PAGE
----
The film Lacci (The Ties), directed by Daniele Luchetti, was the first Italian film to open the Venice Film Biennale of 2020, and opened this year’s St. Ali Italian Film Festival. With COVID restrictions, easing it was so pleasant to observe in the foyer-animated groups of people of all ages, smartly dressed, chatting and laughing, a Prosecco in one hand and a gift of a heavy bag of goodies in the other from Italian food companies, while making their way into the cinema. The film festival had begun!
Lacci is set in Naples and Rome, in the early 1980s, its protagonists are a young, attractive, middle-class couple, Aldo (Luigi lo Cascio) and his young wife Vanda (Alba Rohrwacher), whose opening scene sees them returning home, Vanda superbly and expensively dressed, the children dressed for a Befana party. To an outsider they seem the perfect young family.
Then, the bombshell: Aldo confides to his wife Vanda that he doesn’t know why, but he feels compelled to tell her that he has slept with another woman. Vanda, quite shocked, reminds him of his wedding vows, that they promised to be tied together for life. She cannot accept this situation, and ‘the ties’ or ‘lacci ‘of the film’s title become strained, specially when Aldo leaves his wife and forms a passionate new relationship with his lover. The children are at first too young to be aware, but, naturally, as they grow older observe and absorb this tense situation, making for a further painful ‘laccio’ as the film unfolds. The theme of tying knots even becomes a comic metaphor when the small son ties his shoe laces in a knot different to other children, (lacci also means laces). Within this overwrought atmosphere, the film’s title, The Ties, begins to unwind like a string, or rope, or noose that pulls more tightly around the characters as the hatreds intensify. Interestingly, Aldo and Vanda are not particularly ‘nice’: his response is to be cold and uninvolved, hers is to fight hard to keep her marriage, and yet she reveals only bitterness.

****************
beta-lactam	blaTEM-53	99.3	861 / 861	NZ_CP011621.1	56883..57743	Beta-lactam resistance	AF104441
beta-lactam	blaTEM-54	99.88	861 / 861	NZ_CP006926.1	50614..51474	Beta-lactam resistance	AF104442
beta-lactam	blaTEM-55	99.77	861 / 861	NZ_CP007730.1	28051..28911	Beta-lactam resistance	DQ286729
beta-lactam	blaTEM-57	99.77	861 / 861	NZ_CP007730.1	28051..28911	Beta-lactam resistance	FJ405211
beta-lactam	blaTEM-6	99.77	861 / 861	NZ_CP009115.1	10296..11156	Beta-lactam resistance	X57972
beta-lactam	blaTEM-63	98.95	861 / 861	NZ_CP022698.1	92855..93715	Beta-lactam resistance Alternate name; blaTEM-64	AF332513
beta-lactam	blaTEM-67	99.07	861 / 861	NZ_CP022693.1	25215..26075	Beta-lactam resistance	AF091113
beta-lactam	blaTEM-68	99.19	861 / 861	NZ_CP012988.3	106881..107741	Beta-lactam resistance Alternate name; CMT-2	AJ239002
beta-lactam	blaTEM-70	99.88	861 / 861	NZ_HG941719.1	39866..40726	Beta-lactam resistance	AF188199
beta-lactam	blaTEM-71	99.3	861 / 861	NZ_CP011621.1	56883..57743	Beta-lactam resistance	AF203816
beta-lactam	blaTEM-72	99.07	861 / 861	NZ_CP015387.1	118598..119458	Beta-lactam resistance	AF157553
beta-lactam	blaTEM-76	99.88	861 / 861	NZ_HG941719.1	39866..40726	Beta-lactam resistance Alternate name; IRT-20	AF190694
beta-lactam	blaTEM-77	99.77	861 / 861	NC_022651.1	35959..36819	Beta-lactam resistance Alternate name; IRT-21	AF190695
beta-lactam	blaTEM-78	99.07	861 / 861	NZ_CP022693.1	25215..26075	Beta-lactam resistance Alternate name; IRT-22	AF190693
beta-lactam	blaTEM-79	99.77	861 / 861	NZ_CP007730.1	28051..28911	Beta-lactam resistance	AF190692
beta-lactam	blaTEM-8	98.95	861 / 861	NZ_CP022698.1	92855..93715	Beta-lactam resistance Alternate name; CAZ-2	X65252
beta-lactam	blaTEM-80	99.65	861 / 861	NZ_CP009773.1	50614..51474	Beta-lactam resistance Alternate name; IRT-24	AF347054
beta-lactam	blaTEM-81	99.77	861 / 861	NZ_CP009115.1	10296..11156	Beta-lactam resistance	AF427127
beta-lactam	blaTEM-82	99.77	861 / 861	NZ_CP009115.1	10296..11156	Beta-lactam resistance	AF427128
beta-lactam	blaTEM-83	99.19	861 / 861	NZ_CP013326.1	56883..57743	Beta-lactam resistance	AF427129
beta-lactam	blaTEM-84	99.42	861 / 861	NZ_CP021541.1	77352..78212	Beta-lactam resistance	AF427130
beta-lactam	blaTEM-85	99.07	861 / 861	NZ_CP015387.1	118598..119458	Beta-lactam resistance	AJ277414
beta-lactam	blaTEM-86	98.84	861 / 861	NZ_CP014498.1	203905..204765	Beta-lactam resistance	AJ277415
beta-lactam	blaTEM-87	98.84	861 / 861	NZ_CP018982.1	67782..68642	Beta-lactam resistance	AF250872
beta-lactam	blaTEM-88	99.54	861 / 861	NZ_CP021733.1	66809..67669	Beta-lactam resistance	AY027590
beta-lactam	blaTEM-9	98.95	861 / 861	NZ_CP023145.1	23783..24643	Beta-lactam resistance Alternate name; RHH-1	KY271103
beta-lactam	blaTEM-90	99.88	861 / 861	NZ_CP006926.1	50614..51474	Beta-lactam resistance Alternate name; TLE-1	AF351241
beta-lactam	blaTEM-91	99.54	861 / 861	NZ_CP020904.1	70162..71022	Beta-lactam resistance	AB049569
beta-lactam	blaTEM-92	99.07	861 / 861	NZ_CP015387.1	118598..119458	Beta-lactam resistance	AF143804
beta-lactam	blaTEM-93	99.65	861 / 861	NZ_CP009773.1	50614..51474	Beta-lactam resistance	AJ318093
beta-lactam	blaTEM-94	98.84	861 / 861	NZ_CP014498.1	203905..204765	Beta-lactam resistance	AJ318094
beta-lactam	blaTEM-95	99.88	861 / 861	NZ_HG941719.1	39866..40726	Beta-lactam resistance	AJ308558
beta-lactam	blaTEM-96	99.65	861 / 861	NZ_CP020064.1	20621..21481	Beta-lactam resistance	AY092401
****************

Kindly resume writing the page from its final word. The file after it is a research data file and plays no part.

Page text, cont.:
Similarly, plots in books thicken and unfurl as they proceed over a long period. As a young man Aldo enjoyed reading stories to his young children, he worked for a publishing company, and over time the couple’s inside apartment walls are lined with books. A locked box, book shelves, a cat, fashionable clothes, the film continually creates its own rich evolving imagery as the drama unfurls over three decades. Take, for example, that fashionable thick woollen cloak and high boots seen in the opening image of Vanda with her husband and children: here her clothes act as a kind of fortress while in summer her choice of fashionable light flounces in summer dresses that end in a tie and knot around her neck, also typical of the fashion of the seventies, makes her alluring yet wrapped up in herself and unapproachable. Now, let’s swing back to Aldo’s new young love: on the contrary, she enjoys being admired when she is in the nude. He has placed his photos of her in a secret box, then enjoys feeding on them over time when alone, even after this former love had broken with him.
Would I recommend Lacci? Yes, the film pushes us to witness and recognise an intense psychological drama, with all its cruelty, in a Neapolitan family over two generations. This couple belongs, too, to our own society; to be a witness to such a dynamic is a rare privilege.
 Daniele Luchetti was born in 1960. He debuted as assistant director for Nanni Moretti in Bianca (1983); his subsequent work was the successful The Yes Man (1991), featuring Silvio Orlando as the host writer of a ruthless politician, played by Nanni Moretti. It was seen as a forecast of the Mani Pulite corruption scandal that struck Italy the following year. The film won four David di Donatello awards – Luchetti’s feature film of 1995, La scuola, was inspired by Domenico Starnone’s work, as was Lacci, based on his 2014 novel of the same name. To raise the bar somewhat, Starnone is the husband of Elena Ferrante, the famous Italian novelist who set her work in Naples at the same time as this film. The tortuous and unrelenting nature of the film Lacci has led some to think that the book on which the film is based is related to the popular novels by Elena Ferrante.